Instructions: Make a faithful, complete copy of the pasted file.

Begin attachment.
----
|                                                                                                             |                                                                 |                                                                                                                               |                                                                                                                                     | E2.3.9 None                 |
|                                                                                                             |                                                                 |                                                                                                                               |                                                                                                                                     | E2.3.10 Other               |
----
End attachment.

|                                                                                                             |                                                                 |                                                                                                                               |                                                                                                                                     | E2.3.9 None                 |
|                                                                                                             |                                                                 |                                                                                                                               |                                                                                                                                     | E2.3.10 Other               |